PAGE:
Salman Toor’s first solo museum exhibition—originally scheduled to open in March 2020 but postponed due to the pandemic—will be presented by the Whitney Museum of American Art from November 13, 2020 to April 4, 2021. Primarily making intimate oil-on-panel works, Toor expands the tradition of figurative painting by melding sketch-like immediacy with disarming detail to create affecting views of young, queer Brown men living in New York City and South Asia. Salman Toor: How Will I Know is part of the Whitney’s emerging artists program, which most recently included solo shows by Kevin Beasley and Eckhaus Latta, and will be on view in the first-floor John R. Eckel, Jr. Foundation Gallery, which is accessible to the public free-of-charge.

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Working Together: The Photographers of The Kamoinge Workshop to Open at The Whitney

 

 

 

Ming Smith, America seen through Stars and Stripes, New York City, New York, printed ca. 1976. Gelatin silver print, sheet: 15 3/4 × 20 in. (40.01 × 50.8 cm), image: 12 1/2 × 18 1/2 in. (31.75 × 46.99 cm). Virginia Museum of Fine Arts, Adolph D. and Wilkins C. Williams Fund, 2016.241. © Ming Smith

The much anticipated exhibition, Working Together: The Photographers of the Kamoinge Workshop will finally unveil at The Whitney on November 21st. This groundbreaking exhibition features over 150 photographs by fourteen early members of the Kamoinge Workshop, nine of whom are living and working today.

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‘Around Day’s End: Downtown New York, 1970-1986’ at The Whitney

 

 

 

Gordon Matta-Clark (1943-1978), Days End Pier 52.3 (Documentation of the action “Day’s End” made in 1975 in New York, United States), 1975, printed 1977. Gelatin silver print: sheet, 8 × 10 in. (20.3 × 25.4 cm); image, 7 × 9 3/4 in. (17.8 × 24.8 cm). Whitney Museum of American Art, New York; gift of Harold Berg 2017.134. © 2020 Estate of Gordon Matta-Clark / Artists Rights Society (ARS), New York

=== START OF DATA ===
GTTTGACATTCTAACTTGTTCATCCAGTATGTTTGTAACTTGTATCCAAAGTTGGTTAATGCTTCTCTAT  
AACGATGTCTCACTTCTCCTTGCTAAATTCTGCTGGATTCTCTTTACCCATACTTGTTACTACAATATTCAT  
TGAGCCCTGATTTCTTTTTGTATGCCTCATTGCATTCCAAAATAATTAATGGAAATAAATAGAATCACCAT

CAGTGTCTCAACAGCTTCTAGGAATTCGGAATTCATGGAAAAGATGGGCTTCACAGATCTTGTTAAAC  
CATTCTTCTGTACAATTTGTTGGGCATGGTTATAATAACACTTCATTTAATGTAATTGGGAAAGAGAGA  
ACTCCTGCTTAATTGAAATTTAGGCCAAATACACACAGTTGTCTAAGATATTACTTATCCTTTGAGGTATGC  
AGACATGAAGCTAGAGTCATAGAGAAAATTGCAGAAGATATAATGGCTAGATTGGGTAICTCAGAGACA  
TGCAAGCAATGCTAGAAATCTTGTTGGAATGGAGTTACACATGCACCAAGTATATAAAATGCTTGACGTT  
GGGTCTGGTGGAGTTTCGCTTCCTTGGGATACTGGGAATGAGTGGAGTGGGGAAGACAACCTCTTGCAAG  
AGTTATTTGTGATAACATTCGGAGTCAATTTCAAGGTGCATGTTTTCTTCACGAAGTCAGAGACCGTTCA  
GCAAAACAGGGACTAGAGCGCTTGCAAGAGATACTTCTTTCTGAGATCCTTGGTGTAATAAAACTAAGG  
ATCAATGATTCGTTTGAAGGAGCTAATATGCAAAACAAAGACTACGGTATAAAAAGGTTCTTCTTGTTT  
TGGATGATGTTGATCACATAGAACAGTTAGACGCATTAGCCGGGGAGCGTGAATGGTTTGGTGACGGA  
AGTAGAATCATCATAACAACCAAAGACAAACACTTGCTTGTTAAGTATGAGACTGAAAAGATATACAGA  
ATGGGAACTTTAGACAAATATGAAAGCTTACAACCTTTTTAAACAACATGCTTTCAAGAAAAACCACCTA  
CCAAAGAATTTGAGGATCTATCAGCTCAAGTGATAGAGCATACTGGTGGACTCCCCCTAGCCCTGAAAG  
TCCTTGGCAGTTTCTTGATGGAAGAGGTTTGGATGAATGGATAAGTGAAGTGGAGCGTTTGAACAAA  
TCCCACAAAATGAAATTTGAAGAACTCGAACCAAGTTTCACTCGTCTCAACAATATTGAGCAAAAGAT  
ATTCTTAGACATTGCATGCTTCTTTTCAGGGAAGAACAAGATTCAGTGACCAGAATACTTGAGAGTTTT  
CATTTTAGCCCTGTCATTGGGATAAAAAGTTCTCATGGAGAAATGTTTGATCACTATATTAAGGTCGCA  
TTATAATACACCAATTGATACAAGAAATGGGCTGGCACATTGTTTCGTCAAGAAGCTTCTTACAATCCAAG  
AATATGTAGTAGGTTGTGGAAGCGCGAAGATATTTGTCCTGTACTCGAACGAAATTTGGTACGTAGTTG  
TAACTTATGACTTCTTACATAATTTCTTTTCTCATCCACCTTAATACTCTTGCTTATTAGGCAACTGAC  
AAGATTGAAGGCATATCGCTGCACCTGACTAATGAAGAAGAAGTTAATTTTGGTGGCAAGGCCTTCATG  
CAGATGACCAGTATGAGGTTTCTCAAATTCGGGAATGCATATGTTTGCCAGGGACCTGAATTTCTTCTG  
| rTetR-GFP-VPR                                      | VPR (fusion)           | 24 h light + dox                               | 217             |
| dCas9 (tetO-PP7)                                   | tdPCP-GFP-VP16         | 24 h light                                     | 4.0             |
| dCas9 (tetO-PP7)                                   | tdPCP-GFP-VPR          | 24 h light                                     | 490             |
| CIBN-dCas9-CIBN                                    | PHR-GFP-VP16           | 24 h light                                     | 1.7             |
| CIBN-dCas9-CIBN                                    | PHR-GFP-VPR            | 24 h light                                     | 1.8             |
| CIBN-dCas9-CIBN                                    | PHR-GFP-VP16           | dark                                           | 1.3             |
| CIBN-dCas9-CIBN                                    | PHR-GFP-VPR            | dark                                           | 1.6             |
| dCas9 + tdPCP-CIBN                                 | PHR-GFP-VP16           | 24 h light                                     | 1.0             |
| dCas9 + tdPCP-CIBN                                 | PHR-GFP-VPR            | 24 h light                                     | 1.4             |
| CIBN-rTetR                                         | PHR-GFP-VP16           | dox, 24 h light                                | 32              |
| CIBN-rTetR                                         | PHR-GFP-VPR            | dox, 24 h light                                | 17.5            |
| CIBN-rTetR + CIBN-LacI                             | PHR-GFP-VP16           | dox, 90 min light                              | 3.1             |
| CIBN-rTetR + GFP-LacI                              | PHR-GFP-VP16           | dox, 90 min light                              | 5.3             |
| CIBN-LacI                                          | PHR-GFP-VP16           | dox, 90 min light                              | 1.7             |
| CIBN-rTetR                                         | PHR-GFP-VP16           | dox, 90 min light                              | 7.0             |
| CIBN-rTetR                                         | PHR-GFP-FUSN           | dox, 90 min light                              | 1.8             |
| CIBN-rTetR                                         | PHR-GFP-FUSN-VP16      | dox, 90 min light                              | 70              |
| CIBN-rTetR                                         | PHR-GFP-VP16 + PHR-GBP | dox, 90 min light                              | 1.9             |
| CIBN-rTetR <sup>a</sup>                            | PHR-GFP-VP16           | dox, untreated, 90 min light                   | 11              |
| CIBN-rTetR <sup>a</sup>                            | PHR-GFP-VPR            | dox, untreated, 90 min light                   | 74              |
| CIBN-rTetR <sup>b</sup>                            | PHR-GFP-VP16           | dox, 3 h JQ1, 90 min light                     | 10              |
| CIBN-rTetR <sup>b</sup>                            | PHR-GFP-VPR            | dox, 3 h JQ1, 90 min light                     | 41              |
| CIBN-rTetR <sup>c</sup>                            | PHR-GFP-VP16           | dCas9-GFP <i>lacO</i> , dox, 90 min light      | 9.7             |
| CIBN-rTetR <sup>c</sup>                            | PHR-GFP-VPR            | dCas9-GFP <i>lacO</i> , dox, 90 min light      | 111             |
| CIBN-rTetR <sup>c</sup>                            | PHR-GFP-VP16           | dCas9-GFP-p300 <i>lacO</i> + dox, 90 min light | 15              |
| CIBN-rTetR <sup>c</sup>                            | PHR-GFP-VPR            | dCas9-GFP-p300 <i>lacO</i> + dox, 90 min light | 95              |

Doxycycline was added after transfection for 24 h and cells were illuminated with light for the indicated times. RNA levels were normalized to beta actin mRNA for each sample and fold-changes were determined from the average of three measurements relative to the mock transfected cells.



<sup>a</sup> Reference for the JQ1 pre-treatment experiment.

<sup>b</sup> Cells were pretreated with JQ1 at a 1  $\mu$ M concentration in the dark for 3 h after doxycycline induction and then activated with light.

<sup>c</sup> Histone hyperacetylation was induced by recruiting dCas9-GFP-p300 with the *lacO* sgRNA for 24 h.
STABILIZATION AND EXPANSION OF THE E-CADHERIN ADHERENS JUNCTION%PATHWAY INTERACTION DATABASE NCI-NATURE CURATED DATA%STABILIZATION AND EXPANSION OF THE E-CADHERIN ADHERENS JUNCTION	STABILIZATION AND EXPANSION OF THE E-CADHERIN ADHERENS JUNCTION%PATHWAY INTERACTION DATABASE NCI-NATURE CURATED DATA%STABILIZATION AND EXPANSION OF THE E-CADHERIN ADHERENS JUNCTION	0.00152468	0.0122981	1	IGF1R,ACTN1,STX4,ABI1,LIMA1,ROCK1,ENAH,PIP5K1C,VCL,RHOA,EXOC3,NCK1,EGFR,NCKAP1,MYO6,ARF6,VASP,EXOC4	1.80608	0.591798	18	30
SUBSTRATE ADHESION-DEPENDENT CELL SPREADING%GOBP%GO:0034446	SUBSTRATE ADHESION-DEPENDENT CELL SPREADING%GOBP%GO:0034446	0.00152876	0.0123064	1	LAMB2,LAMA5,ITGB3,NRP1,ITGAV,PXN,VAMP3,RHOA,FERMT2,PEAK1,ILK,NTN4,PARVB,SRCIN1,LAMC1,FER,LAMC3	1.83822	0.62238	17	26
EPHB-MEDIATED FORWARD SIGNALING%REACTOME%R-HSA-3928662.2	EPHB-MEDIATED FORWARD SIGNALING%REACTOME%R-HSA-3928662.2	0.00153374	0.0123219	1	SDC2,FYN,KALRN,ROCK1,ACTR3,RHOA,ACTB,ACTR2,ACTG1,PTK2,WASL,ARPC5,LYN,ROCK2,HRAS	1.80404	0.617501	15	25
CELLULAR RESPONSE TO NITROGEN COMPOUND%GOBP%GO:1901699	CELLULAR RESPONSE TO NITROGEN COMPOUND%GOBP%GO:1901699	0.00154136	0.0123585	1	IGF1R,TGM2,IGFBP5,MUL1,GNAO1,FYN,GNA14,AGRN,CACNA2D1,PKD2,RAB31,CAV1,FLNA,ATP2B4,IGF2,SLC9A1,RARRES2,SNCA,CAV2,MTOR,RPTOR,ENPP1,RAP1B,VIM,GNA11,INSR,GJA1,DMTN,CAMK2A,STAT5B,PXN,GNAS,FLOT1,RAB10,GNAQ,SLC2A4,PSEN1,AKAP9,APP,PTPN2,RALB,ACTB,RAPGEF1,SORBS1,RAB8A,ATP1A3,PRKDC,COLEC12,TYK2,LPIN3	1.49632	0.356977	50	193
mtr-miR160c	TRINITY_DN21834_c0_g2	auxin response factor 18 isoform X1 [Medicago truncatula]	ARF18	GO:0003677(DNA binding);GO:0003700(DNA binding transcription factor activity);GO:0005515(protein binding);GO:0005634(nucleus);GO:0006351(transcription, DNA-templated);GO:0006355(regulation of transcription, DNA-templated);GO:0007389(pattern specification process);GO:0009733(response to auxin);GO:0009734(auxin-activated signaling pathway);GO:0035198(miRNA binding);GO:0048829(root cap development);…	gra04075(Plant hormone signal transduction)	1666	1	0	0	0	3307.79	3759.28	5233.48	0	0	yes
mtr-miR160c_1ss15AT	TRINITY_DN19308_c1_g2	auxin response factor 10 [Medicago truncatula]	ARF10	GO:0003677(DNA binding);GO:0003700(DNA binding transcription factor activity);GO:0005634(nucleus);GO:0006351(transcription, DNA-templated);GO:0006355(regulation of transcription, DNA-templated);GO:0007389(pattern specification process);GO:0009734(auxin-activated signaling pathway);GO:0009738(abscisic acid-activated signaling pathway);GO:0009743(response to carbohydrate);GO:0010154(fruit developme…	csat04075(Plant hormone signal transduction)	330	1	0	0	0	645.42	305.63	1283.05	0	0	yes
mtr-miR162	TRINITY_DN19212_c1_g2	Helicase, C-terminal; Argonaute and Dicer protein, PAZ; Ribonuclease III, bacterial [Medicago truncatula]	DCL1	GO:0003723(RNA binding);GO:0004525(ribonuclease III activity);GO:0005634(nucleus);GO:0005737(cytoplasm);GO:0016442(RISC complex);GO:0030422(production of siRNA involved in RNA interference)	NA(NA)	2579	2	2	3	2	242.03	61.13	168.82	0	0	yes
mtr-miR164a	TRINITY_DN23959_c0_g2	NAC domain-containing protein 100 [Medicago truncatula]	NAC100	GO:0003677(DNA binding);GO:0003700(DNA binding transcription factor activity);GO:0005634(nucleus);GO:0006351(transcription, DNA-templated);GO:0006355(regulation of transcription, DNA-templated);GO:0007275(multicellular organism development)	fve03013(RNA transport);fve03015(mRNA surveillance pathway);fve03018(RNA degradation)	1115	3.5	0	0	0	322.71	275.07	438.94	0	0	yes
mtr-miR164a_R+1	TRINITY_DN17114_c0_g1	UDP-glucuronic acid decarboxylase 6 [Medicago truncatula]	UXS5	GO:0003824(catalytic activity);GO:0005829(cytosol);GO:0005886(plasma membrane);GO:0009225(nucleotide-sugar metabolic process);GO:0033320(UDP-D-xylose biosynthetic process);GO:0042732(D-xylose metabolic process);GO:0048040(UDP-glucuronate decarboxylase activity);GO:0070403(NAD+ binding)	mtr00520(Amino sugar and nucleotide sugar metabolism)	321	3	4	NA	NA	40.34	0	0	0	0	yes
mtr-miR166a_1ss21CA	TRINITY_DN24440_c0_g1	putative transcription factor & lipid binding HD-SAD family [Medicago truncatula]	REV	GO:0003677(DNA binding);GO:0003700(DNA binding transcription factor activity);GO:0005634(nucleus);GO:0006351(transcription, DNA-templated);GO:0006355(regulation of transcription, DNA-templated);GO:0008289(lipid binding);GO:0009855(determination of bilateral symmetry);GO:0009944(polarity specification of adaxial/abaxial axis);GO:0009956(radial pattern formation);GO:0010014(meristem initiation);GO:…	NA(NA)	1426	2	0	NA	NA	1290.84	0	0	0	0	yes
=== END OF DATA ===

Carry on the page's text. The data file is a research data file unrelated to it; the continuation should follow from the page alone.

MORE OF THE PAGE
The exhibition pays homage to Gordon Matta-Clark’s legendary Day’s End (1975) and features works by twenty-two artists who engaged with the Meatpacking District and West Side piers, among other downtown Manhattan locations, in the 1970s and early 1980s. Around Day’s End also anticipates David Hammons’s monumental public artwork Day’s End,  located directly across from the Whitney Museum in Hudson River Park. Drawn primarily from the Whitney’s collection, the exhibition is organized by Laura Phipps, assistant curator, with Christie Mitchell, senior curatorial assistant, and runs through October 25, 2020.

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Pope L ~ Public Art Fund ~ Whitney Museum ~ MoMA ~ a Trio of Exhibitions

 

 

 

POPE.L., The Great White Way, 22 miles, 9 years, 1 street, 2000-2009, Performance © Pope.L Courtesy of the artist and Mitchell-Innes & Nash, New York (and Public Art Fund)

Pope.L: Instigation, Aspiration, Perspiration, is a trio of exhibitions organized by The Museum of Modern Art, the Whitney Museum of American Art, and Public Art Fund. Utilizing both public and private spaces, the expansive presentation addresses many elements of the artist’s oeuvre, from singular early works to a monumental new installation and a new large-scale performative work inspired by the artist’s iconic crawl series on the streets of New York City. Let’s begin there, with the Public Art Fund and Pope. L: conquest on September 21, 2019.

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Jason Moran (and friends) at The Whitney Museum of Art

 

 

 

Image courtesy of The Whitney Museum of Art

The first solo museum show of Jason Moran (b. 1975, Houston, Texas), the interdisciplinary artist who grounds his work in music composition, has made its debut at the Whitney. The exhibition, Jason Moran, presents the range of art Moran has explored, from his sculptures and drawings to collaborations with visual artists to performance and video.

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Westside Exposure: Whitney Staff Art Show 2019 at Westbeth

 

 

 

The annual Whitney Staff Art Show will be returning to Westbeth Art Gallery for its fourth year, featuring established and emerging artists ~ all are talented Whitney museum staff members.